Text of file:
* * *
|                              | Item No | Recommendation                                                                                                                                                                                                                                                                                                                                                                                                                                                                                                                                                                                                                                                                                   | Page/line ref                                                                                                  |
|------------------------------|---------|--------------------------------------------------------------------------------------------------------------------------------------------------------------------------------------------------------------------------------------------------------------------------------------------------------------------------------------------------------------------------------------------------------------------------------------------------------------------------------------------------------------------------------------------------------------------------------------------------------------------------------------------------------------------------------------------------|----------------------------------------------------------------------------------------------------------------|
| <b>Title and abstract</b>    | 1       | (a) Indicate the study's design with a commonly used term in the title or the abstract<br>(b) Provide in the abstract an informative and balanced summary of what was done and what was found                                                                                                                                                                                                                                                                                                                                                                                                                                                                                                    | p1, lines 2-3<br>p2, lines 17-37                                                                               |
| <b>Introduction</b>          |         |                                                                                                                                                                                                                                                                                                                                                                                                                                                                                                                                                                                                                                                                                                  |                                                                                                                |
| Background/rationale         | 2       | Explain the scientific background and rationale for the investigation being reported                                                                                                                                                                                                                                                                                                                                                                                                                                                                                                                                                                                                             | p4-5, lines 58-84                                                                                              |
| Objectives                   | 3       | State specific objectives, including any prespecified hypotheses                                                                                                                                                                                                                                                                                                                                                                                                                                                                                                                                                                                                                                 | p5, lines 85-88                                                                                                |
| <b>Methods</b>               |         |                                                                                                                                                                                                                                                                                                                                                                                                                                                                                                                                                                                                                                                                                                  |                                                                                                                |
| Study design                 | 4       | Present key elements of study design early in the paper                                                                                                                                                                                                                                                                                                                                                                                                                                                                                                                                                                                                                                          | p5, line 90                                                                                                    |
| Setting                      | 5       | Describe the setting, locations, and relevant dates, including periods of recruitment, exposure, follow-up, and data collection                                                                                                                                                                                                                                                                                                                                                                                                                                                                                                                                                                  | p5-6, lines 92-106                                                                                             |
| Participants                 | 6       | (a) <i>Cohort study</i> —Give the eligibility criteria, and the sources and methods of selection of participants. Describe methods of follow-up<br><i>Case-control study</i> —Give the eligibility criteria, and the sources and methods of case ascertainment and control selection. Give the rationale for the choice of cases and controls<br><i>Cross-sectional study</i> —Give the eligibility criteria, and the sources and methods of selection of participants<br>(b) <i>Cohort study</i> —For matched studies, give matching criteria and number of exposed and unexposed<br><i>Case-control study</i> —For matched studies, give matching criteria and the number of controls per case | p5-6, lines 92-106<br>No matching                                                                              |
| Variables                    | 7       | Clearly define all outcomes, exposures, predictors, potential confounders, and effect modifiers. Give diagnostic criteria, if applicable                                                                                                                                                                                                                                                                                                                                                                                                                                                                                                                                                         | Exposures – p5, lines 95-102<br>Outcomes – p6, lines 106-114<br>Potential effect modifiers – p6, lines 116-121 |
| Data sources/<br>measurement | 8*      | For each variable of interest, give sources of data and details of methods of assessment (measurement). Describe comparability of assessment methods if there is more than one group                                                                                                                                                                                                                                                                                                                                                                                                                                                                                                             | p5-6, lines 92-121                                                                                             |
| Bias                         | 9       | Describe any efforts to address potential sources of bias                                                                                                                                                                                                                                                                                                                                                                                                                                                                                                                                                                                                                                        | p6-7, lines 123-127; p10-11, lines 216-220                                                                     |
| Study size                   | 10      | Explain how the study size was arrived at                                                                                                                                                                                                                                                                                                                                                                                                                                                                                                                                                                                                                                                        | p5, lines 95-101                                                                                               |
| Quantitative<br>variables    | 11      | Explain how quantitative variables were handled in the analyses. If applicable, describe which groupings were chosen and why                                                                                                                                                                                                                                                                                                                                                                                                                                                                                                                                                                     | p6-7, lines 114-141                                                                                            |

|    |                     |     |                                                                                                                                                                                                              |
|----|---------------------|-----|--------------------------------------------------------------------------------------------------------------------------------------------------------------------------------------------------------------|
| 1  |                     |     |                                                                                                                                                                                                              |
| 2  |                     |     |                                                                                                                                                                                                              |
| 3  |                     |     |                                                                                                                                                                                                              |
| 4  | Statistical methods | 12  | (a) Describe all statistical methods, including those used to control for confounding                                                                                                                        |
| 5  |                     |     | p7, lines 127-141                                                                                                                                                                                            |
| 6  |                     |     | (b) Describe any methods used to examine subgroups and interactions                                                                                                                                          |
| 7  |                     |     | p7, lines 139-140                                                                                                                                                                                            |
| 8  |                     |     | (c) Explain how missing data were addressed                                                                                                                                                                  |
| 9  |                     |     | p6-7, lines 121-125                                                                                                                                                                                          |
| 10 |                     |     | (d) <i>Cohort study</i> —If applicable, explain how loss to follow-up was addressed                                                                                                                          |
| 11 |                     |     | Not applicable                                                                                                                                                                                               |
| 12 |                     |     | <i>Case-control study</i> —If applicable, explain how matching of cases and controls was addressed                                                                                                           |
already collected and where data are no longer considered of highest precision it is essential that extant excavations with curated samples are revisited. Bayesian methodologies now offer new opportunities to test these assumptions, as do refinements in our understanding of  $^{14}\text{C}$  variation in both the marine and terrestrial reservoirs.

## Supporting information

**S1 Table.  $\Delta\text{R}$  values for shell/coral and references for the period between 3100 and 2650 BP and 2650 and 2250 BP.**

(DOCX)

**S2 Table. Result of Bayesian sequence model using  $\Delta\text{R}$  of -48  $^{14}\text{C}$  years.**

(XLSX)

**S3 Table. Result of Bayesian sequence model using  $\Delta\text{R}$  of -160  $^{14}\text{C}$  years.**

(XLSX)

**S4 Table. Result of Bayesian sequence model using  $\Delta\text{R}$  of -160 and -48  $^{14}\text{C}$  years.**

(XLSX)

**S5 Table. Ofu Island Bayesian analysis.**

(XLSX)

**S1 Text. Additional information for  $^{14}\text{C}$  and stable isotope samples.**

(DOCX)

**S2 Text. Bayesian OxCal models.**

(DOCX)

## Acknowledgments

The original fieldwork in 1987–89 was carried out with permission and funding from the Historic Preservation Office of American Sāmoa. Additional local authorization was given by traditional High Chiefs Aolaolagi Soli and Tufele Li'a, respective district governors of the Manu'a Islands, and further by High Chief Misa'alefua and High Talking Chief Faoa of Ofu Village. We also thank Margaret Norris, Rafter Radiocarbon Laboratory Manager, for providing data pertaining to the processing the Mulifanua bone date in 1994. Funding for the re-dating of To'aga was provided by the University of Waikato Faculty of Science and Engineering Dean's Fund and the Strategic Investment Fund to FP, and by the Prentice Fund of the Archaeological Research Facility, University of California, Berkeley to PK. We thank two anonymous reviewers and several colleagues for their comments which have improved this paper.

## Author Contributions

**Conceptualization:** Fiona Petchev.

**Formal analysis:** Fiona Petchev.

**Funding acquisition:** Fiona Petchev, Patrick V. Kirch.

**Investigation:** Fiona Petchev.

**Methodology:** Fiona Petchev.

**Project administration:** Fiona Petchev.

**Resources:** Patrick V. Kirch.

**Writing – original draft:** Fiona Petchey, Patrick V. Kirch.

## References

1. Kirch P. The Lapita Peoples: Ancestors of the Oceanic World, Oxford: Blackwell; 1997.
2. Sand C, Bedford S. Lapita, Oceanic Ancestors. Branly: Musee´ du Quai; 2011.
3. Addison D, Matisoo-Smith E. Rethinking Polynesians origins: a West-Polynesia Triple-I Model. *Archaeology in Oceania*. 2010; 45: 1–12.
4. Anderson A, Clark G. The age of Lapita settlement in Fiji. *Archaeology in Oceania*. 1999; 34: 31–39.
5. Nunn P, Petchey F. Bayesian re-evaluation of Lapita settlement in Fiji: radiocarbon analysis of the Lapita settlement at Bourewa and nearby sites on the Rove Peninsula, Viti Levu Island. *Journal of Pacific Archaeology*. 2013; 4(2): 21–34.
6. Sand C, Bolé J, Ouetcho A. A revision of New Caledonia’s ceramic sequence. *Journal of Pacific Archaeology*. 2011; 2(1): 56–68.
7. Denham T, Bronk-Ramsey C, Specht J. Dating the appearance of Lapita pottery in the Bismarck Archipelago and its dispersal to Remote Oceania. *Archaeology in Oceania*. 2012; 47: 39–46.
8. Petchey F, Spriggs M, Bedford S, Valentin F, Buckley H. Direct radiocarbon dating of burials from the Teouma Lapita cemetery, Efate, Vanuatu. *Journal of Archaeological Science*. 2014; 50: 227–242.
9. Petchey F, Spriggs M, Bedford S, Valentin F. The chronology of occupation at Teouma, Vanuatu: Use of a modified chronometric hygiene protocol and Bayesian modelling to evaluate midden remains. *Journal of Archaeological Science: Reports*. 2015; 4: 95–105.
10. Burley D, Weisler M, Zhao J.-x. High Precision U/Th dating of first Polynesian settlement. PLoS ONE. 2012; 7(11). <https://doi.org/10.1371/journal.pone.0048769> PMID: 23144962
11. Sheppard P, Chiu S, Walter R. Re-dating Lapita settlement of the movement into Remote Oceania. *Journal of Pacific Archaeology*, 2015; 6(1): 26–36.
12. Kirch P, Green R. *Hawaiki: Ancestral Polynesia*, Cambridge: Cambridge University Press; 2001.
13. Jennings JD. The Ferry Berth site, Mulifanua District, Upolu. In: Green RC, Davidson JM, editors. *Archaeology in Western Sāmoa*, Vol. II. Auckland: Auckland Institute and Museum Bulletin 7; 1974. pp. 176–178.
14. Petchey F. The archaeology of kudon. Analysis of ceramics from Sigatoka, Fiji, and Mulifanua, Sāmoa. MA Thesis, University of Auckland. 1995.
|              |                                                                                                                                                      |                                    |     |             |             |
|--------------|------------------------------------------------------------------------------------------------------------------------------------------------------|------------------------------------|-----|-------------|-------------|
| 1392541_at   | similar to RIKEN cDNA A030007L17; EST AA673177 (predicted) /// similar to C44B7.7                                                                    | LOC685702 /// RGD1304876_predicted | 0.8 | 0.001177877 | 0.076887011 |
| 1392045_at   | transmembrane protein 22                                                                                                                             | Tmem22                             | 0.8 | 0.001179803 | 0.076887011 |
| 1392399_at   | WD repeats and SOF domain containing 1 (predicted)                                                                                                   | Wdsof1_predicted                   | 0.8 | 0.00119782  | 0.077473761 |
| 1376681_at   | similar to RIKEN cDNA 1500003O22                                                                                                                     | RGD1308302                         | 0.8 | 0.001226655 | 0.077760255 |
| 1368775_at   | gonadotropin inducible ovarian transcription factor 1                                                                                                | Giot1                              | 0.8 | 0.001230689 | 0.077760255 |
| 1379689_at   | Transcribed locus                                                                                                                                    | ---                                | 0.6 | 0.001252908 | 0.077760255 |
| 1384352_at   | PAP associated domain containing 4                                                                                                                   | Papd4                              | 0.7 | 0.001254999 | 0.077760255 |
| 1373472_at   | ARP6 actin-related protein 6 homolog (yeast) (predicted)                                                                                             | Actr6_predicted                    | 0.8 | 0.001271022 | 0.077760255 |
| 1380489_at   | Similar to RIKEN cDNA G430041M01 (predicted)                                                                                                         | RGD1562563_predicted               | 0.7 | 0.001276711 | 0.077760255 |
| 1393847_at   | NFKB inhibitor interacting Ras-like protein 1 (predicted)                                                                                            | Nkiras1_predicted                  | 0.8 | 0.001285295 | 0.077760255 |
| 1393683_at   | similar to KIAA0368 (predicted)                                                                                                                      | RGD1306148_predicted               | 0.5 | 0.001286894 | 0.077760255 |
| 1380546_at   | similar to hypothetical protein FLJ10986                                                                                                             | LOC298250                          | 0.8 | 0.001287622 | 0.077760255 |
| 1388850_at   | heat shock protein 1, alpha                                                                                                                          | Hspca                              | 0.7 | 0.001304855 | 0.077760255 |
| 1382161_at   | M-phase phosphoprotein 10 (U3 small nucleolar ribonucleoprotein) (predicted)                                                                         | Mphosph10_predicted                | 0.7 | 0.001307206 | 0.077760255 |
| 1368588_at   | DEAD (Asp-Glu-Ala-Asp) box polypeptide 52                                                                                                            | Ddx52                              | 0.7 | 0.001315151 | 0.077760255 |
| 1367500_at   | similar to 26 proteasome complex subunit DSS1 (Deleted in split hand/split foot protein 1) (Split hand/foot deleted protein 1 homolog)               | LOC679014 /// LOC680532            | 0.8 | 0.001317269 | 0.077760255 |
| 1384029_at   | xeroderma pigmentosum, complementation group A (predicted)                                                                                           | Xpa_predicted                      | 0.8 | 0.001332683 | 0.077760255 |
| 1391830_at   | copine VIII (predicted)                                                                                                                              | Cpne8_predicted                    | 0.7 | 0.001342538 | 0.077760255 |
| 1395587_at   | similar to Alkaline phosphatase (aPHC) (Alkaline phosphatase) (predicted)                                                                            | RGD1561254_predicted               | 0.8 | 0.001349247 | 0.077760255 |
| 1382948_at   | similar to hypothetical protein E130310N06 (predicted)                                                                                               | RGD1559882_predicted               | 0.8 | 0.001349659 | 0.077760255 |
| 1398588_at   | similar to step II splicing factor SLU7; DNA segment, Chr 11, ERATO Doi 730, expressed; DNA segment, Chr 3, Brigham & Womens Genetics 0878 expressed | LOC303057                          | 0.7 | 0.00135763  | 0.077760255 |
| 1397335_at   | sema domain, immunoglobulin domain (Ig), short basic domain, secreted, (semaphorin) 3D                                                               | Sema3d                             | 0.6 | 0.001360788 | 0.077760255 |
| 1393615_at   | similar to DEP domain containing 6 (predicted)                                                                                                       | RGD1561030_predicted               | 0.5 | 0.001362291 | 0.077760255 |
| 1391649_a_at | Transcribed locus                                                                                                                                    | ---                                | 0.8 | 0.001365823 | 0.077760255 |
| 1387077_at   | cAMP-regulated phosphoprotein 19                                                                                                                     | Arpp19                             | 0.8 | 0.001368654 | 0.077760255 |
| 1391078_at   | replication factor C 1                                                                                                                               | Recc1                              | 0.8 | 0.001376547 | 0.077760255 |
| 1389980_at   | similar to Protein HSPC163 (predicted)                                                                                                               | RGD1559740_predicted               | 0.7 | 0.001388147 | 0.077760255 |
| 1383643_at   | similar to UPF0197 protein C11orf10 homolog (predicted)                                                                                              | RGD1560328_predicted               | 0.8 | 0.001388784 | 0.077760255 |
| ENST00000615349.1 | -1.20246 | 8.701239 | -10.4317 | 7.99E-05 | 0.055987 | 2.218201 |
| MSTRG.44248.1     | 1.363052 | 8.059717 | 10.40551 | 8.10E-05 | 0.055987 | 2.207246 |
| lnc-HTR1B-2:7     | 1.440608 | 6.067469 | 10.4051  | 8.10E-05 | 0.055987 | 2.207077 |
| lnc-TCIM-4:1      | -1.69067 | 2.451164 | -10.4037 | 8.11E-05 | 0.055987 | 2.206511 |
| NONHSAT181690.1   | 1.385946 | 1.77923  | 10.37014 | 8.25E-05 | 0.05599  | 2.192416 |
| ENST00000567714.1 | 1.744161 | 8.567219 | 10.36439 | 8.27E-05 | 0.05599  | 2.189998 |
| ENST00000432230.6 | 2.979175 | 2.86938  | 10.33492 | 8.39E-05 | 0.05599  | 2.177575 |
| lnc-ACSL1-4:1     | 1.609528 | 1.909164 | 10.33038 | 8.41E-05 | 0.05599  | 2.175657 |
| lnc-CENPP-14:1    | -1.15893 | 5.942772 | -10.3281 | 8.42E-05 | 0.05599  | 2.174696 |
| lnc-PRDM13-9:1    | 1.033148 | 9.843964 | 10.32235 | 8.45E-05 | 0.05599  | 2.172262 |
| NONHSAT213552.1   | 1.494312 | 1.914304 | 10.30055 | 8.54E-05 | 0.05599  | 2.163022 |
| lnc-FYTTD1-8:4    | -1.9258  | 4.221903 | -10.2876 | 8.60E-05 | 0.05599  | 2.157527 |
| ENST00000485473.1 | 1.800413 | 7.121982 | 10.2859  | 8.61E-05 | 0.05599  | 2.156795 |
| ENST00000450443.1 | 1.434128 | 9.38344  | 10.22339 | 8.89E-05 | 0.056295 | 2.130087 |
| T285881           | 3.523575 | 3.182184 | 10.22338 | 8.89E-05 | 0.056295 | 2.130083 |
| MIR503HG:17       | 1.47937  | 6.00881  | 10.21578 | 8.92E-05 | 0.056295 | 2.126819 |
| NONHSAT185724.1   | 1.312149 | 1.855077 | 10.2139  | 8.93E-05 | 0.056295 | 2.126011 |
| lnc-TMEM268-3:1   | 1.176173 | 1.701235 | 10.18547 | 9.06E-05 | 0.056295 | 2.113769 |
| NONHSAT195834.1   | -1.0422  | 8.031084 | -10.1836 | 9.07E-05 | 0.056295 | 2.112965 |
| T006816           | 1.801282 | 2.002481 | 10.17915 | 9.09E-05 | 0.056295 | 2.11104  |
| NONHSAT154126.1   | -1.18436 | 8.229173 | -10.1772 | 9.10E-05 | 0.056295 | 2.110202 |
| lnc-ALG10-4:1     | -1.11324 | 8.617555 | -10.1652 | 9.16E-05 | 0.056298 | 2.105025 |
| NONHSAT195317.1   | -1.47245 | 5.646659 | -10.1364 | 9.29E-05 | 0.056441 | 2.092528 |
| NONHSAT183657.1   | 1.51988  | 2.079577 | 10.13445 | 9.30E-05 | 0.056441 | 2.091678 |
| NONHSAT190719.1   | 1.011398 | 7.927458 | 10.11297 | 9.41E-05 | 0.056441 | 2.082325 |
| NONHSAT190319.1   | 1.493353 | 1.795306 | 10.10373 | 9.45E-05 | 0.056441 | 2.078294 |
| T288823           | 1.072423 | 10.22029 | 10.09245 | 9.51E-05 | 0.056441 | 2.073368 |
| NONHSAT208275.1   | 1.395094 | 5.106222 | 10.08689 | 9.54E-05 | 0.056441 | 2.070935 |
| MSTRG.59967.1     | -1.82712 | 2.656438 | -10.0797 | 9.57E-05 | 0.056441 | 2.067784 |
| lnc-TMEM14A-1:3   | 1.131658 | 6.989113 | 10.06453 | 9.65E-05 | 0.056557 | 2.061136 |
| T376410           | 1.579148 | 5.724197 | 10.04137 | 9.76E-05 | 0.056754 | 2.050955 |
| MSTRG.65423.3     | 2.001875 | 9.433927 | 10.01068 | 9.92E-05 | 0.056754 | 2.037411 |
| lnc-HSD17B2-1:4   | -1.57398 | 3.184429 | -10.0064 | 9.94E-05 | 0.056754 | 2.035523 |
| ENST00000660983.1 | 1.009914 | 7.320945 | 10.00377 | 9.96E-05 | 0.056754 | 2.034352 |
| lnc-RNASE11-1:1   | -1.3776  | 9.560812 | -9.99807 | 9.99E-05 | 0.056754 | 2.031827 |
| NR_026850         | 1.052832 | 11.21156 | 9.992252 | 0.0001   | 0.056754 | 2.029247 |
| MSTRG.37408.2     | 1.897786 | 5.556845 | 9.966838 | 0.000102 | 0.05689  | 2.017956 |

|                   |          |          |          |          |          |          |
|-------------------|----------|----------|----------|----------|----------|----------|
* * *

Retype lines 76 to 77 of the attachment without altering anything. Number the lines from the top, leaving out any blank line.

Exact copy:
| 1392399_at   | WD repeats and SOF domain containing 1 (predicted)                                                                                                   | Wdsof1_predicted                   | 0.8 | 0.00119782  | 0.077473761 |
| 1376681_at   | similar to RIKEN cDNA 1500003O22                                                                                                                     | RGD1308302                         | 0.8 | 0.001226655 | 0.077760255 |